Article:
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Pasties at Camelot

The Cornish Pasty has learned of the recent discovery at Camelot Castle, Tintagel, of the old tapestry on which the Bayeux tapestry was based. The similarity between this and the Bayeux tapestry can be seen in this section of the Bayeux tapestry (see the extreme right end). 

The Tintagel tapestry shows some of King Arthur's knights at a banquet, eating Cornish pasties (photograph below). Of course, they didn't wear suits of armour at the table when they were eating their pasties. You can also see the Round Table with the grail. The location of the grail seems to raise a lot of curiosity these days so perhaps we'll tell 'ee more about this d'reckly.

The fact that we see the Round Table, the grail and a member of the Round Table addressing the central figure as "Sire" all point to this being the only known contemporary illustration of Arthur.

 

A section of the Tintagel tapestry showing pasties being eaten at the Round Table in Camelot Castle

A section of the Tintagel tapestry.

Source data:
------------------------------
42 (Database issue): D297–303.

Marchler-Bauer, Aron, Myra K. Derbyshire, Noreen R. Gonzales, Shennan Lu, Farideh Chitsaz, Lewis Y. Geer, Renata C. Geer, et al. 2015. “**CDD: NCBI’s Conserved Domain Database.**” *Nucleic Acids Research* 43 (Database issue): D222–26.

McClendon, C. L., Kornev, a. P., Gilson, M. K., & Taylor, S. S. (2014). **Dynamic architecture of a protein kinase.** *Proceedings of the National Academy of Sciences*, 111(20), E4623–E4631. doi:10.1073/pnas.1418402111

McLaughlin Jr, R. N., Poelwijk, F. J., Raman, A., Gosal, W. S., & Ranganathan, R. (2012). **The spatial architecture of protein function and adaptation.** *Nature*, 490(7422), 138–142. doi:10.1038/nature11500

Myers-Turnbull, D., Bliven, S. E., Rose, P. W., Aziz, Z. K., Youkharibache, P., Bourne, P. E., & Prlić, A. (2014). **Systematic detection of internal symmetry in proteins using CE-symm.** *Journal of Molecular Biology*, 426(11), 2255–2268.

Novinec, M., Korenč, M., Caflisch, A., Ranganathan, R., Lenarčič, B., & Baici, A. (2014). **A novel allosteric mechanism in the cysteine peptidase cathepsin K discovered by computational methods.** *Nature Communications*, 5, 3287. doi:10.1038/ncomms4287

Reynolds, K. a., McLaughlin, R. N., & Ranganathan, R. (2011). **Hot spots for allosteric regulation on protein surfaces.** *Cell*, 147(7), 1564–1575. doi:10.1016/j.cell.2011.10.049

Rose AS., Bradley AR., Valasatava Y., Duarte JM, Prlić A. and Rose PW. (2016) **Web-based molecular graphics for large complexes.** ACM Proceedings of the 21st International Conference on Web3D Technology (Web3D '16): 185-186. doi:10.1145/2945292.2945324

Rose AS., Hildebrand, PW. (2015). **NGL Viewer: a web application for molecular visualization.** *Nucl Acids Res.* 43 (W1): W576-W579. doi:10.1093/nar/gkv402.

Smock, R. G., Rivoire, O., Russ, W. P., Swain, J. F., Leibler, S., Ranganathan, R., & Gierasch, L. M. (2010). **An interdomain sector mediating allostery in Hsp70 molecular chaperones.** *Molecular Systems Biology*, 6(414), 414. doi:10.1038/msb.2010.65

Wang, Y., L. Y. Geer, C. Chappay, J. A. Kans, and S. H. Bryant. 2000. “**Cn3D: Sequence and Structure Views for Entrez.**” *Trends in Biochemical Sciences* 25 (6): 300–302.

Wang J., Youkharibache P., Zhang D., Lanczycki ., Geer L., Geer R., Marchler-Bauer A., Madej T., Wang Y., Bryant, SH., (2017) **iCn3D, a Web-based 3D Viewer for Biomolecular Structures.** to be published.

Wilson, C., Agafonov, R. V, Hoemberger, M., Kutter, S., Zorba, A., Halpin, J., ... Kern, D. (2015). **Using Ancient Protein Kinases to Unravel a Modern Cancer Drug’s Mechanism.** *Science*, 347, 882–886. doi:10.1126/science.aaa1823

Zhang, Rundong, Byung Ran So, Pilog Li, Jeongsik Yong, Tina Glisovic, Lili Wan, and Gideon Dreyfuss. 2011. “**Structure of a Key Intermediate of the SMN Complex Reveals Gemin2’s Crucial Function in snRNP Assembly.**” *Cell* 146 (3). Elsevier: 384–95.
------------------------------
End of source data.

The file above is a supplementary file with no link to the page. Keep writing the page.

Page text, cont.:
The Bayeux tapestry dates from soon after the Norman conquest of Britain, after the Battle of Hastings in 1066 AD. The Tintagel tapestry pre-dates this by about 340 years - to find that Arthur is placed in history around 600 AD, just put "king arthur 600 ad" into the "Google" electric computer thing and see what you d'see.

The identity of all the people shown is not known yet and further research is proceeding into this matter by my learnÚd friend and fellow pasty historian, Mr Henry "Oggy" Trelissick (a Member of the Ancient Order of Pasty Antiquarians).

Interestingly, the pasties all seem to be hen pasties which tells us that they were all made by a right-handed cook.

In case you can't see the pasties clearly in the picture above, here is a closer view .....

A closer view of'n, showing the Giant, Cormoran, at the feast - ugly, id'n 'ee?

A closer view of'n to show the pasties more clearly.
 

The figure on the right in the closer view looks remarkably like Cormoran, the giant who lived on St. Michael's Mount. This is interesting because it is known that he was there in the time of King Arthur (see here) - perhaps he was invited to the banquet as a political move, otherwise, because of his appetite, he might have come anyway and eaten all the pasties for hisself? It was well known that you didn't ought to upset Cormoran ..... you can see he already has the biggest pasty waiting on the table .....

Once again, The Cornish Pasty endeavours to bring 'ee nothing but the facts.

 

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